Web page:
Annie Muktuk and Other Stories

The stories in Norma Dunning's Annie Muktuk and Other Stories celebrate the traditions of Inuit culture and condemn attempts to eradicate, erase or ignore that culture. In "Elipsee," a husband and wife head north for the summer in search of a cure for her breast cancer. "Annie Muktuk" tells the story of two friends who fight over one's irrational love of the titular character despite her willingness to sleep with everyone. Three sisters, with the same father but different mothers, appear in "Husky" and "My Sisters and I," both of which explore the ways that traditional Inuit culture clashes with--and is repressed by--white culture.

Dunning's Inuit characters are richly imagined, living everyday lives amid racism and colonialism. Across all 16 stories, characters drink, smoke, have sex, fall in love, fight, laugh, remember, cry, work, play, eat, pray. Women (and men) reclaim power taken from them. Families find ways to stay together despite government schooling programs that take children from their homes in the name of education. Dunning's spare writing style and short sentences nevertheless convey big pictures. "Today the sky is full of geese returning from their winter home.... It is like a homecoming of people who have been lost from one another. It is today. Today is all anyone has."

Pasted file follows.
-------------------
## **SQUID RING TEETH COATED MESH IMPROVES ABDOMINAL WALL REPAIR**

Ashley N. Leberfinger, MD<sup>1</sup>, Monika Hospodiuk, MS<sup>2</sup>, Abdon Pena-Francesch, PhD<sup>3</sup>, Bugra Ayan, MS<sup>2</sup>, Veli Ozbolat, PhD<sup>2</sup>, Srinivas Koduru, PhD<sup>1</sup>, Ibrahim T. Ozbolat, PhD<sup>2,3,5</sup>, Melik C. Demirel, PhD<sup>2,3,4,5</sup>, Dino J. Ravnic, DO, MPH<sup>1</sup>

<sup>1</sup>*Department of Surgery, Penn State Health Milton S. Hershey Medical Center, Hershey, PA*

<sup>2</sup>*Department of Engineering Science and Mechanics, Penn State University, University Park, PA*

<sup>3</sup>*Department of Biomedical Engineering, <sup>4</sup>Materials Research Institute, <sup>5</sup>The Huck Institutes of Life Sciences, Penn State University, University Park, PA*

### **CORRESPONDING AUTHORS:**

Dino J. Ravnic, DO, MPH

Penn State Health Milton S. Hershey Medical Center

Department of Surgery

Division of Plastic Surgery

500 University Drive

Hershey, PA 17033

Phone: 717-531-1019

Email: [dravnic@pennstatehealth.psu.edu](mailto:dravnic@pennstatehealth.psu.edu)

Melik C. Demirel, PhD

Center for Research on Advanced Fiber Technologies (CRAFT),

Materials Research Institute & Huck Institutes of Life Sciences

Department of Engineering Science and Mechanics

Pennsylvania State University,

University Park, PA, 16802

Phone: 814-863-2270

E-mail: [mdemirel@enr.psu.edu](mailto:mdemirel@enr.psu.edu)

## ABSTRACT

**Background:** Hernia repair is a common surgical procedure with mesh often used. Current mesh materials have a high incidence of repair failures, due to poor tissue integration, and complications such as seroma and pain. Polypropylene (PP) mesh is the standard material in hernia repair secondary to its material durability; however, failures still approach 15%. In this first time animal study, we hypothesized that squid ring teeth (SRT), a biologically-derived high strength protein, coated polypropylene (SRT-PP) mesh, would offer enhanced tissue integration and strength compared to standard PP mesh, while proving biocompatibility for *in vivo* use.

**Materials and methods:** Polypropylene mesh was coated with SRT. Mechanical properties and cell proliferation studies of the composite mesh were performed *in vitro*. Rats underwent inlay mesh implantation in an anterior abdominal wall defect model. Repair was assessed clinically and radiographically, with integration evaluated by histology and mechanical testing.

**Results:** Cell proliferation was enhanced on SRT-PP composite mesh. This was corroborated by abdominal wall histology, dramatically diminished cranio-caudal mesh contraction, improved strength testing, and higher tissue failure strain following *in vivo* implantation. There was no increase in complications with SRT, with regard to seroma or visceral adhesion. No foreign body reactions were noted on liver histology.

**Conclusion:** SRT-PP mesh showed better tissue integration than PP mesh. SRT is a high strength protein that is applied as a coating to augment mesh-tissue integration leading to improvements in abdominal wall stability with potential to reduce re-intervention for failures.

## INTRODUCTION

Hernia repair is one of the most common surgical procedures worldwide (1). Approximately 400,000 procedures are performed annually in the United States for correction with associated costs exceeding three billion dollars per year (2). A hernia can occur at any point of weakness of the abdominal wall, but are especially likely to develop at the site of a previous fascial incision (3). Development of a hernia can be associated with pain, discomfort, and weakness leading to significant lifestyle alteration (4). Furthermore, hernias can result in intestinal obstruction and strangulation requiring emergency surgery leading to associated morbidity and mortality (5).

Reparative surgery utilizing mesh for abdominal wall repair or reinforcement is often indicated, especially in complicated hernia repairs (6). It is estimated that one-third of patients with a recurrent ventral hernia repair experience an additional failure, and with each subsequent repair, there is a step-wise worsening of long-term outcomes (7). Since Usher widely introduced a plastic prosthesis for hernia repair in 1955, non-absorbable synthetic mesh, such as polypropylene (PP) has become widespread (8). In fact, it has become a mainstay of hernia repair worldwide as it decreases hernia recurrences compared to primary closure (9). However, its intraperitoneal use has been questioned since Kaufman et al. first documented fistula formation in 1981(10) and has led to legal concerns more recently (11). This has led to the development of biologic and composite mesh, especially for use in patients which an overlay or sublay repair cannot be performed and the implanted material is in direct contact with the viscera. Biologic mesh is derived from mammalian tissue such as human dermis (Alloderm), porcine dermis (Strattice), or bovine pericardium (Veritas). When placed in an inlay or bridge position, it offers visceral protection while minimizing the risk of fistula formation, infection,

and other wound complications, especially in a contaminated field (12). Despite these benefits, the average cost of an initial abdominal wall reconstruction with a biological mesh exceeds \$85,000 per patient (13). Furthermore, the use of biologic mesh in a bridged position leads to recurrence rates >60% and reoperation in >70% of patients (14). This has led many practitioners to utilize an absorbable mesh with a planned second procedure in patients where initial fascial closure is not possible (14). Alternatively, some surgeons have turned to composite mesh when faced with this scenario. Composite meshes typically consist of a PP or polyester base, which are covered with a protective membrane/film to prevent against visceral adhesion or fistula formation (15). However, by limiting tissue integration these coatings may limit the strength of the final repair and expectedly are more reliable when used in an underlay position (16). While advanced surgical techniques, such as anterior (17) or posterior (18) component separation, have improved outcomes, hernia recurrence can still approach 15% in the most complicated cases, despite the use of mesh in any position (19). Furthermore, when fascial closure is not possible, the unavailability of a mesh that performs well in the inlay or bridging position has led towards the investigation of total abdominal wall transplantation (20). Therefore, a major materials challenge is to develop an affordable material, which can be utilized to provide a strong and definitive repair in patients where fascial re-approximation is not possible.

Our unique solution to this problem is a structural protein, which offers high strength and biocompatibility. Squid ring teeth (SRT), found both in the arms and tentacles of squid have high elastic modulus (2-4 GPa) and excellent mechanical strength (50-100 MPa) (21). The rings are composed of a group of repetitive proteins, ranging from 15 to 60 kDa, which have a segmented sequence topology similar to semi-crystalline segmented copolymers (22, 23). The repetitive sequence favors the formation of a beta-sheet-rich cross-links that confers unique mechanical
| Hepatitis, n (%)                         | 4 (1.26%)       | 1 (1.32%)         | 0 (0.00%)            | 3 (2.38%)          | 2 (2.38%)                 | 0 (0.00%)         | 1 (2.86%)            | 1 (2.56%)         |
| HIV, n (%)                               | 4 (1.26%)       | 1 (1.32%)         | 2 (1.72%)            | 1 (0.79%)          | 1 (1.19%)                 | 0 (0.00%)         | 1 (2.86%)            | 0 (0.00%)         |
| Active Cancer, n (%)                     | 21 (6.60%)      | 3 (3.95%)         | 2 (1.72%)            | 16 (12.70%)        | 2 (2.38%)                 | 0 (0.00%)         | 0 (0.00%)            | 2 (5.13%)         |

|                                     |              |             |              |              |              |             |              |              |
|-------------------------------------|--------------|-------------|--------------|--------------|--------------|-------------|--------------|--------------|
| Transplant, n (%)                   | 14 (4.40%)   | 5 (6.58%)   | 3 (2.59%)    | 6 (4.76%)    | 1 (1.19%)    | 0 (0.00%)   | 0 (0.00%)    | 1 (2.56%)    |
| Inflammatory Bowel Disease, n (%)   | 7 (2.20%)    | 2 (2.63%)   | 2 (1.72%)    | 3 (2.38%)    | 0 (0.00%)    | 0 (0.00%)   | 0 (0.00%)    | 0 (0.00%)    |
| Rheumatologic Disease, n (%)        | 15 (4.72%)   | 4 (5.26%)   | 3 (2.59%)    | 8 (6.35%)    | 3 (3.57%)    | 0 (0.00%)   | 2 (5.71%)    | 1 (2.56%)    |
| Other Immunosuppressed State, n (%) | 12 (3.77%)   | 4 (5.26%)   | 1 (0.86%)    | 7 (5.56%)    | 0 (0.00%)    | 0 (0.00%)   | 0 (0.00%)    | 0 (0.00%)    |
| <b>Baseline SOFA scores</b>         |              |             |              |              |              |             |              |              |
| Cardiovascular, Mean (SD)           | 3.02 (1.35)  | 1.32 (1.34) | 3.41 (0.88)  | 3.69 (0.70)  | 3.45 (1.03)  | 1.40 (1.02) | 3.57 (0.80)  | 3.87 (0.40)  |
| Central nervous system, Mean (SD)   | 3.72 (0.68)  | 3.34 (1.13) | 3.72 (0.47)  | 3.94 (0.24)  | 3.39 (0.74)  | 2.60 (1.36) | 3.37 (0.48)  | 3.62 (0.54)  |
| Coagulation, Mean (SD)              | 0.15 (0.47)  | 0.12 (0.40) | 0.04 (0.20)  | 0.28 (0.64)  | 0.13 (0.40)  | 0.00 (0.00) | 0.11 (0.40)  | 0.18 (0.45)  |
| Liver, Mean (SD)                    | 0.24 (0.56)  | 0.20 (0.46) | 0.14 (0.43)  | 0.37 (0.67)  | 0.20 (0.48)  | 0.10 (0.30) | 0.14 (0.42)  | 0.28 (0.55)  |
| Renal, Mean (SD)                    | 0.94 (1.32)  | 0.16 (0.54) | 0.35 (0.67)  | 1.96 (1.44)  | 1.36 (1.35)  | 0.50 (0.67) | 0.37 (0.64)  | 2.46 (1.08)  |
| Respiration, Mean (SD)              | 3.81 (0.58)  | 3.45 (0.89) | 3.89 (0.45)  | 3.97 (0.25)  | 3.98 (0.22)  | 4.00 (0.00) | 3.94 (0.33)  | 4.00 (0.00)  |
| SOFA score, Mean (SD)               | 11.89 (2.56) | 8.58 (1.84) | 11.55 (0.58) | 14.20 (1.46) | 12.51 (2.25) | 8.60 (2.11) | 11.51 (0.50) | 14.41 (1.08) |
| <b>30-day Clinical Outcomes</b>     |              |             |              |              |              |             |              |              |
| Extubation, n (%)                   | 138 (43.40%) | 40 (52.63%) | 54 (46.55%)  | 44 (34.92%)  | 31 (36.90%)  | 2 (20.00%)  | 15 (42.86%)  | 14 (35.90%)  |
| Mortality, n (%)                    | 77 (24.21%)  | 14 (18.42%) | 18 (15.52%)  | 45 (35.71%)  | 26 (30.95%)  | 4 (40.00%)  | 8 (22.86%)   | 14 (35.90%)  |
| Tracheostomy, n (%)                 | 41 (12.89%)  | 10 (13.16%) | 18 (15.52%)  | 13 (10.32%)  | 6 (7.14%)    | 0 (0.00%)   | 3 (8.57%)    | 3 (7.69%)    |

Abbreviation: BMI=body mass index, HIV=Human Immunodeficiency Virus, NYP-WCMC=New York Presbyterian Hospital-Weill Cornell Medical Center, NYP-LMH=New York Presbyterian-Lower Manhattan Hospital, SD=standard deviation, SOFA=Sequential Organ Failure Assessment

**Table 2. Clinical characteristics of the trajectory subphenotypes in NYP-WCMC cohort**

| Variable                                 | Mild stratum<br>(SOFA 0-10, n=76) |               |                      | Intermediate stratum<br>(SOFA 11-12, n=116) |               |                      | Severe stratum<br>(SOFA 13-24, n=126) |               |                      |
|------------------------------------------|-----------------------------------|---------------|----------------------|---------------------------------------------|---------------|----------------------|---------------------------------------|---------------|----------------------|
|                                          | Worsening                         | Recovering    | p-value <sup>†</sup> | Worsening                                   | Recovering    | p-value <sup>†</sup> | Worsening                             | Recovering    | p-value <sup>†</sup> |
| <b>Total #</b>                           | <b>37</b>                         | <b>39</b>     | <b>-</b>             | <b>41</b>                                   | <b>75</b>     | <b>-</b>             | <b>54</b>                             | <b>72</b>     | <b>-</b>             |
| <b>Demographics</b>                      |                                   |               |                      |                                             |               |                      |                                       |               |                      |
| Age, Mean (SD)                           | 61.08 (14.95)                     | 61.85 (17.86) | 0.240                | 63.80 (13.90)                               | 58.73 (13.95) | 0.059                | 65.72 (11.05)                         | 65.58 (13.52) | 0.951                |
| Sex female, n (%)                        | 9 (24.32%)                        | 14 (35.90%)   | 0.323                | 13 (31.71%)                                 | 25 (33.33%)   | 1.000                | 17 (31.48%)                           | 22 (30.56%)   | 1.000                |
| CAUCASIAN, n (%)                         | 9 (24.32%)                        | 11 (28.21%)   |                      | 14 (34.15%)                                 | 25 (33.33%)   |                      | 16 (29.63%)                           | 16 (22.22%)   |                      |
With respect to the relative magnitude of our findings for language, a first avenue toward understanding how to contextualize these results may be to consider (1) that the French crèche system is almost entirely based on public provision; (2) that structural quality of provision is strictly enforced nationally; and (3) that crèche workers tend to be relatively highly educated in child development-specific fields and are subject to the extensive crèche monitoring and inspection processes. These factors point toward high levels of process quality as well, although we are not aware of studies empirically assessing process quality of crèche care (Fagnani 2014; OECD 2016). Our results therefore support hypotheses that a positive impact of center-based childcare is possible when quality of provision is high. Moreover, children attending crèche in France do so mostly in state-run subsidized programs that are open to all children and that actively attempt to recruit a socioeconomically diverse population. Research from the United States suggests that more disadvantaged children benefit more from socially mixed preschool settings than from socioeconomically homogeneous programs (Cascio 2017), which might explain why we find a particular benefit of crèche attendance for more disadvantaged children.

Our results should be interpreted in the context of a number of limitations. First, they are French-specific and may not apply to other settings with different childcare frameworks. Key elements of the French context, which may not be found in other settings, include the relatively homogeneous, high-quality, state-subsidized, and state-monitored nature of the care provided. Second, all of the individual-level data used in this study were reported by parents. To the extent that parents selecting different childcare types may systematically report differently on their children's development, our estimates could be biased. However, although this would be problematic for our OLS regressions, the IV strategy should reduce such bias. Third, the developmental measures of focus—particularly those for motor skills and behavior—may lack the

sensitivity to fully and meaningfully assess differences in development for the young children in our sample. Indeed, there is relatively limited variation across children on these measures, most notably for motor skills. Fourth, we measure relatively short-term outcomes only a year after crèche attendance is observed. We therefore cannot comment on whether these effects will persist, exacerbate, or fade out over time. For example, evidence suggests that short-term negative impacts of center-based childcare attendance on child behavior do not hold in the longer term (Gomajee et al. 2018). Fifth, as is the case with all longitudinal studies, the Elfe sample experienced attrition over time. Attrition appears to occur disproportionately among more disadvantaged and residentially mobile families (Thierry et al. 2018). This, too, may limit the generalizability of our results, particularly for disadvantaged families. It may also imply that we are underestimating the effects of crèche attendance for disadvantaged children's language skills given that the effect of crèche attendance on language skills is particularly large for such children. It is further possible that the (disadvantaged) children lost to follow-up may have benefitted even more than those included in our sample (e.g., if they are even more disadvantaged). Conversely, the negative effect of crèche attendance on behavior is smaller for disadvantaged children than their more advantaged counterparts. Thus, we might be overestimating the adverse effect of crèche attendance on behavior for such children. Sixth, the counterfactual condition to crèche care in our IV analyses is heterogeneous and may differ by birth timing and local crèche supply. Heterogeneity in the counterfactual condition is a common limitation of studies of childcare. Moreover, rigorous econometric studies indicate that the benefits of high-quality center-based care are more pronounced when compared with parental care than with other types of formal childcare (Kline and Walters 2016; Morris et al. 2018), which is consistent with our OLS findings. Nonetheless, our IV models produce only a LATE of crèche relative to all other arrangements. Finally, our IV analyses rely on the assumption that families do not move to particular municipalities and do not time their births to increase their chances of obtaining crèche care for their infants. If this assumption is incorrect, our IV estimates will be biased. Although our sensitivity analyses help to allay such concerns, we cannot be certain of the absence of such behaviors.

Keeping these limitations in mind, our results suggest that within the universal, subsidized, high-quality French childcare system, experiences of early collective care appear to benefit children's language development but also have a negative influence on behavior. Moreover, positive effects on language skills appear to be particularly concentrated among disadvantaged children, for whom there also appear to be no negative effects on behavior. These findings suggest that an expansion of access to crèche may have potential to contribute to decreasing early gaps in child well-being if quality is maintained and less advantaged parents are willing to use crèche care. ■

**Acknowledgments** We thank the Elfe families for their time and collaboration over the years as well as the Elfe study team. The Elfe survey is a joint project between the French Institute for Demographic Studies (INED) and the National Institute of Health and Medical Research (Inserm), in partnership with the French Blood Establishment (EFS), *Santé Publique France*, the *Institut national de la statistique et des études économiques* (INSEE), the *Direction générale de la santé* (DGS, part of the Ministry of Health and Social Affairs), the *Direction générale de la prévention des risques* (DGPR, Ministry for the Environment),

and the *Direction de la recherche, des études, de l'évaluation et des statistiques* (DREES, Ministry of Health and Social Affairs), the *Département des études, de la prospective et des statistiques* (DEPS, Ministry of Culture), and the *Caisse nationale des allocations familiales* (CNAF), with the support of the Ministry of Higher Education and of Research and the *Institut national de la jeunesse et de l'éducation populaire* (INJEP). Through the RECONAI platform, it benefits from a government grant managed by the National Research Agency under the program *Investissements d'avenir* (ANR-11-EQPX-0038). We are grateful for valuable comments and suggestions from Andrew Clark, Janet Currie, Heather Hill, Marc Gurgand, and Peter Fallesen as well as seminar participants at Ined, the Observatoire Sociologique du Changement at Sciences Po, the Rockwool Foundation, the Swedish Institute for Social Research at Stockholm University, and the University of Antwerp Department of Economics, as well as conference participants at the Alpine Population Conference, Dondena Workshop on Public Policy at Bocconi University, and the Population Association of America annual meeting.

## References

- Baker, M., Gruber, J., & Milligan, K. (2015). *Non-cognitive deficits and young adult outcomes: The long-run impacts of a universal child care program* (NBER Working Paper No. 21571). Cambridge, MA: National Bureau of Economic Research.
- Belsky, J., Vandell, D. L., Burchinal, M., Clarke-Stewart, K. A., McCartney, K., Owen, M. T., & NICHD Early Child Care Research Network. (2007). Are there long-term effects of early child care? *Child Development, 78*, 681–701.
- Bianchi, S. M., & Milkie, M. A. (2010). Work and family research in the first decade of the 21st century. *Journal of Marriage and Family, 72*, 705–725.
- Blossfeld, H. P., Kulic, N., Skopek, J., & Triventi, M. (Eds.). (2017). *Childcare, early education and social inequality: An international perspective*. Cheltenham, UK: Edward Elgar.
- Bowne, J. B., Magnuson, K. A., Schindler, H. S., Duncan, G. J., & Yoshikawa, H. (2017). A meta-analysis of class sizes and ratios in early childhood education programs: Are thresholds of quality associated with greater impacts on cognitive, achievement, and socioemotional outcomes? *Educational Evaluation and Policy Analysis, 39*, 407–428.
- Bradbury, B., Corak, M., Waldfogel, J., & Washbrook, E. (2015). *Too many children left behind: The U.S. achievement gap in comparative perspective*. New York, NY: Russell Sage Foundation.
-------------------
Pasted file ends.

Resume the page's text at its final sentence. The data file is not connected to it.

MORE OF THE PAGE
Individually, the stories in Annie Muktuk are raw, darkly humorous and full of insights into a tradition many know little about. As a whole, the collection is a celebration of the Inuit as well as a searing depiction of those who would dismiss them. --Kerry McHugh, blogger at Entomology of a Bookworm

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